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Living Planet Report 2018: Aiming higher

According to the authors of the report, human-induced planetary change is so great that we can agree with those scientists who state we are entering a new geological epoch: the Anthropocene. These planetary changes are interrelated and are mostly negative, but it’s getting increasingly clear that human well-being and development depend on the health of natural systems, so we can’t continue to exploit natural resources without facing the consequences. Overexploitation or unsustainable agricultural activity, pollution and disturbance of natural systems are beginning to have an effect at an ecosystem, species and even genetic level.

To assess the health of our planet, WWF uses two specially designed indices. The Living Planet Index (LPI) measures the population abundance of mammals, birds, fish, reptiles, and amphibians. The Index was first published in 1998, and for two decades scientists have tracked the average rate of change over time across a set of species populations. Based on the data, WWF experts have come to a grim conclusion that biodiversity is rapidly disappearing. The report shows an overall decline of 60% in population sizes between 1970 and 2014.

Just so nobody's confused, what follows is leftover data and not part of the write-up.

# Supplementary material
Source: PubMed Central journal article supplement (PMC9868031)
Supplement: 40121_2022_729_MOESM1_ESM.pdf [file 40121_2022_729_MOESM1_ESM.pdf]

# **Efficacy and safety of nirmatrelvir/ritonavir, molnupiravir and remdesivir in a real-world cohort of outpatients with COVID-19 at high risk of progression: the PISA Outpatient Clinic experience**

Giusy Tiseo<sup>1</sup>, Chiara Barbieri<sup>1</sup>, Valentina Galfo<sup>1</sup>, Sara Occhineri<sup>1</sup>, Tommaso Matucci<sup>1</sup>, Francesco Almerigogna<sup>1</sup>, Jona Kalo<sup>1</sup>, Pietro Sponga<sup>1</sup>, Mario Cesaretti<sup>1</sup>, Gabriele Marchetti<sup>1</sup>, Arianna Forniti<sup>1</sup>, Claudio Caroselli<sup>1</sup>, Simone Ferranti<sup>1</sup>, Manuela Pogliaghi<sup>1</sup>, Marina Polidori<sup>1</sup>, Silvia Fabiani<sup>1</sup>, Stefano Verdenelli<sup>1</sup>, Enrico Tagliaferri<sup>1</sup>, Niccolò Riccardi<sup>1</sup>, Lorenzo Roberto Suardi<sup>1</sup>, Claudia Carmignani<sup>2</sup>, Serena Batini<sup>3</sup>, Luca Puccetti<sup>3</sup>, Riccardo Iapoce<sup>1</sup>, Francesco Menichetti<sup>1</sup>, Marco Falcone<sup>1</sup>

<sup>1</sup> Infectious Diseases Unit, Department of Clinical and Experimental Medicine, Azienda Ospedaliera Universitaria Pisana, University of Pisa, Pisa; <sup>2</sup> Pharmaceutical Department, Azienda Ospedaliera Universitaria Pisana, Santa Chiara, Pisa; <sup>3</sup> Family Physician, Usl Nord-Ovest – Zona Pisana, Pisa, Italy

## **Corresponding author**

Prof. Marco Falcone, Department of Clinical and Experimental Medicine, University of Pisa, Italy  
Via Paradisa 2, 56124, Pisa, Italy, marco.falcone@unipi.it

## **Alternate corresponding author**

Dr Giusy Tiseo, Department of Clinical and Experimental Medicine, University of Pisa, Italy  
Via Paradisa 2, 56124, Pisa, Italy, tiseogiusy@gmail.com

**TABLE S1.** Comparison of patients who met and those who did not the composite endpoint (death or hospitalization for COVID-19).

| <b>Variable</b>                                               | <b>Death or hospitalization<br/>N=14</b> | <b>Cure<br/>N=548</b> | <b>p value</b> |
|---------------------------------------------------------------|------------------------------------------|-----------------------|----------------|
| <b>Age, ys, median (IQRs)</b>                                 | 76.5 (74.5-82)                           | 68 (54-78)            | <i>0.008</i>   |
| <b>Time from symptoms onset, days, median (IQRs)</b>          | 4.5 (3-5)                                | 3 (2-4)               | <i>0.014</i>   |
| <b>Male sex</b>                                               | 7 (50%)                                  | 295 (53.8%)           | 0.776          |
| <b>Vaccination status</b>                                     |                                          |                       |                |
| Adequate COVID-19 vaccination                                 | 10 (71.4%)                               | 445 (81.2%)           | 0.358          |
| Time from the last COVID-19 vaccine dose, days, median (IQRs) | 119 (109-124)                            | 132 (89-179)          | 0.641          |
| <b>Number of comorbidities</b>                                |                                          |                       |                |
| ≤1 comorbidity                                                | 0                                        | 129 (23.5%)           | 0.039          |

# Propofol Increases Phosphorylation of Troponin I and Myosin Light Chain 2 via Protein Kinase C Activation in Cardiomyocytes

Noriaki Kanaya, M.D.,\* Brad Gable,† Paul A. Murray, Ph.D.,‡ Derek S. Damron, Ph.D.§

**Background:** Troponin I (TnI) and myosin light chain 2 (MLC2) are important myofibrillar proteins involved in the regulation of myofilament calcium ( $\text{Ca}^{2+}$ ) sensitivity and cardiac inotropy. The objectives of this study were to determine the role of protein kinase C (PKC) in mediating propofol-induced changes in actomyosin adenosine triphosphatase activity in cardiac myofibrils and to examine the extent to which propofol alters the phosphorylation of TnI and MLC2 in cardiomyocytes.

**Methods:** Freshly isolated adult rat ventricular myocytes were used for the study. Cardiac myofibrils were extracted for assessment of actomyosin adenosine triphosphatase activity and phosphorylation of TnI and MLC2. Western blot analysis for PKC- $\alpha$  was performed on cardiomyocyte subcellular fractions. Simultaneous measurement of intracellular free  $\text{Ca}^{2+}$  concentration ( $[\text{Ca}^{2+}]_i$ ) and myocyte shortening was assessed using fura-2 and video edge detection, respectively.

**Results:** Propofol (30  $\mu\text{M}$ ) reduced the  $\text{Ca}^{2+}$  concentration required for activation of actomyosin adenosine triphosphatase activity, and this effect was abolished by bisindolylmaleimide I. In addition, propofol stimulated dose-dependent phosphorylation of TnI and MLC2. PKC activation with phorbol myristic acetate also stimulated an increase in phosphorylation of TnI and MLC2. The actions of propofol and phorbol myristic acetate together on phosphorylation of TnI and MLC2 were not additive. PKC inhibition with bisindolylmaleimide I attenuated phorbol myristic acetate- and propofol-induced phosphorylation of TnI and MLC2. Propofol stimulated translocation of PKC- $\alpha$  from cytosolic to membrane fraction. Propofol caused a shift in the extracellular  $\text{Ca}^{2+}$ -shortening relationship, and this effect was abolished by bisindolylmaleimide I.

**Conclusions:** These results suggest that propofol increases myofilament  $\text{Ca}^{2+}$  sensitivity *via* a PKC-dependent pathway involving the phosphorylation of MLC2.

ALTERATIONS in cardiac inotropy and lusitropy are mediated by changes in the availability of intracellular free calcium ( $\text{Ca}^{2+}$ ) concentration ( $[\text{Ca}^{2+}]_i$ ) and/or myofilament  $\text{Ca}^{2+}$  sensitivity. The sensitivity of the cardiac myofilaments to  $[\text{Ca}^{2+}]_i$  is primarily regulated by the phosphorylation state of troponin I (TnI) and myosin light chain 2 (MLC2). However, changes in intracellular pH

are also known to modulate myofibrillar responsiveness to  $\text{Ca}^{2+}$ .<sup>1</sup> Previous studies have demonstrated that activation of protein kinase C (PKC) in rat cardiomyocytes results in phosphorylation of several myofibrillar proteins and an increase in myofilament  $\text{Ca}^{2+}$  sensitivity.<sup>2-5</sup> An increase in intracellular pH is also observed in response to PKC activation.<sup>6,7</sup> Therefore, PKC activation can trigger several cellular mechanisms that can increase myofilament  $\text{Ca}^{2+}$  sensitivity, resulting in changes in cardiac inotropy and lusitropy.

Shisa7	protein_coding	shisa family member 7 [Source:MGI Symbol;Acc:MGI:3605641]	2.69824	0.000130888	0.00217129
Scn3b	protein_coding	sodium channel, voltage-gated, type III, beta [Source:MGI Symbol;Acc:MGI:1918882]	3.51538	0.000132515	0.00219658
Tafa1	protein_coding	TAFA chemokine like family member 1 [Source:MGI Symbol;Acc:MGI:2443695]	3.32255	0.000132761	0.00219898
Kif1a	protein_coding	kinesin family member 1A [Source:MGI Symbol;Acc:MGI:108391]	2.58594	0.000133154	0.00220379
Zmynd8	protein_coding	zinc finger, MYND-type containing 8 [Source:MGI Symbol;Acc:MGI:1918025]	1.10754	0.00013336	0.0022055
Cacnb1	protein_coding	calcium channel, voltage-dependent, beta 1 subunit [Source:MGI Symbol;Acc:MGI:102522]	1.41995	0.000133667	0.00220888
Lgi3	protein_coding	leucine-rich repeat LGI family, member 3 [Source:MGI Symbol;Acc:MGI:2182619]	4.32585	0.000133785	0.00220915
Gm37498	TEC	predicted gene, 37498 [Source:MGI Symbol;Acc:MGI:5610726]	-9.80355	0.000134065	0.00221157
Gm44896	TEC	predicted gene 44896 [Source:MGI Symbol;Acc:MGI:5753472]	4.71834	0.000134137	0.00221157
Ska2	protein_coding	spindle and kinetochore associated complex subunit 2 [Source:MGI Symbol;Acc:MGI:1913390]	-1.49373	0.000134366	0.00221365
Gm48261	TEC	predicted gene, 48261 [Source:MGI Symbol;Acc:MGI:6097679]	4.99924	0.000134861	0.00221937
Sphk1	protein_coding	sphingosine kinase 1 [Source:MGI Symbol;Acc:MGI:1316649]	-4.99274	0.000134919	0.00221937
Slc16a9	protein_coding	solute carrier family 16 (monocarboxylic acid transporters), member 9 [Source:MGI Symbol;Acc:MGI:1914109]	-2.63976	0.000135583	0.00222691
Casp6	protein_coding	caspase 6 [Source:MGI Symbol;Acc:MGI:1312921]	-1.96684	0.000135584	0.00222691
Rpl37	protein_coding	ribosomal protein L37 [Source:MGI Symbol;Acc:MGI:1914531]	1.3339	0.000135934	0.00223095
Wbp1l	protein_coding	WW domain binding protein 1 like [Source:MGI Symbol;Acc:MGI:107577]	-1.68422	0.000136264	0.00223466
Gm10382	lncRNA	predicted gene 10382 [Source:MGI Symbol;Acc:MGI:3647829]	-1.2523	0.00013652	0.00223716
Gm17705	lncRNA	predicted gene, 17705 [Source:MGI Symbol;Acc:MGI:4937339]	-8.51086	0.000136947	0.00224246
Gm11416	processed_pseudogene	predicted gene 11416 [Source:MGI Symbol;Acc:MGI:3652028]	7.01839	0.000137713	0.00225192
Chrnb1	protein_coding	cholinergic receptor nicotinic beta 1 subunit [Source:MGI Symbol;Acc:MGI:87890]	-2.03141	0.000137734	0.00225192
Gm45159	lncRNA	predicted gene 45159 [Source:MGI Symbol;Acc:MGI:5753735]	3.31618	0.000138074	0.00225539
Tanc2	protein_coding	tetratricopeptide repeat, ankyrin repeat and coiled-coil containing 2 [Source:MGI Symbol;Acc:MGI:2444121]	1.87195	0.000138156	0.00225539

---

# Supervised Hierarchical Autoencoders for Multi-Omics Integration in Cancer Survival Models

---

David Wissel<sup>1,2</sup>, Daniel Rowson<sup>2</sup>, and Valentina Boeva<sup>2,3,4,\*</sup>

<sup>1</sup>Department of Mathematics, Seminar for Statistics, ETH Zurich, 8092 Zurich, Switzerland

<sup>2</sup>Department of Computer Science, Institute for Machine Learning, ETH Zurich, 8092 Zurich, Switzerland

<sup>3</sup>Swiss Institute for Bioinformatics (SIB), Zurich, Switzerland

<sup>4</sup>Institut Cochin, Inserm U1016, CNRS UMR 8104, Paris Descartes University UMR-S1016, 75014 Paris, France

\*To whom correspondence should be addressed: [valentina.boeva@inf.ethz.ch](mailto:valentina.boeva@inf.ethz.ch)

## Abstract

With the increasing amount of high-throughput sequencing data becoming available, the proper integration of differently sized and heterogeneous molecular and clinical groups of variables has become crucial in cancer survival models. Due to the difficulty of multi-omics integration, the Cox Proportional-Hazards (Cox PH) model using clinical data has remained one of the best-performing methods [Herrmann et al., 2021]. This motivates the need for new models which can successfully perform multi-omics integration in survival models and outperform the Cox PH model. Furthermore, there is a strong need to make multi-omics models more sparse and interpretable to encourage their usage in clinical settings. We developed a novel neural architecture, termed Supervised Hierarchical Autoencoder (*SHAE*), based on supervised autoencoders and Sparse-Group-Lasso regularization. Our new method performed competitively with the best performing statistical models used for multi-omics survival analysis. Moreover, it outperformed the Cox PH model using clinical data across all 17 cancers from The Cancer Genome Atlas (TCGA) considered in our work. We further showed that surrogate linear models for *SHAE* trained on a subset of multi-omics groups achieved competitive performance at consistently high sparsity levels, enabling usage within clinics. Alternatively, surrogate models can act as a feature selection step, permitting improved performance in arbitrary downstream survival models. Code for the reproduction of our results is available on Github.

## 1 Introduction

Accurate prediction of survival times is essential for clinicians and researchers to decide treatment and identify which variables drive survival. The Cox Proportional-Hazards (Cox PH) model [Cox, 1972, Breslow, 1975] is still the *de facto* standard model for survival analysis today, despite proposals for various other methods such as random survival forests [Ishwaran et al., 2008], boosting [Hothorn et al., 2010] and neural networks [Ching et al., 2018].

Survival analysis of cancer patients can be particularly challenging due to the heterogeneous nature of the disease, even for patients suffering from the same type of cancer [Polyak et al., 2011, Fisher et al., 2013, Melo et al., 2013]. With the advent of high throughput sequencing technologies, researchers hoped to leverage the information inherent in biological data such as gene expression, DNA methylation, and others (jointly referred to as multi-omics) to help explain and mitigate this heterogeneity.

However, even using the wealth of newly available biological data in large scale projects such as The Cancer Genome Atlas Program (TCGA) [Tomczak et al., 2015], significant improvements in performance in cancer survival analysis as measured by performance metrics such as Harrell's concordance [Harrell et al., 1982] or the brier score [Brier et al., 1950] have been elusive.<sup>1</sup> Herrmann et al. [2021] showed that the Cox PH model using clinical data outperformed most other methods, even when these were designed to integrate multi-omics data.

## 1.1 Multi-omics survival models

The second indicator of our planet’s health is the Ecological Footprint Index. It shows that human consumption of natural resources exceeds biocapacity (the ability of natural systems to renew themselves) by a factor of 1.5. This situation has lasted for over 40 years.

To overcome the growing ecological threats and reverse the global biodiversity decline, the authors put forward a roadmap for 2020 to 2050. This roadmap is based on an article published on 14 September 2018 in Nature Sustainability and titled «Aiming Higher — bending the curve of biodiversity loss». The authors suggest three steps: (1) clearly specify the goal for biodiversity recovery, (2) develop a set of measurable and relevant indicators of progress, and (3) agree a suite of actions. These measures will help achieve the ultimate target — bend the curve of biodiversity loss, put a stop to the degradation of ecosystems by 2030, and, generally, start a positive trend.

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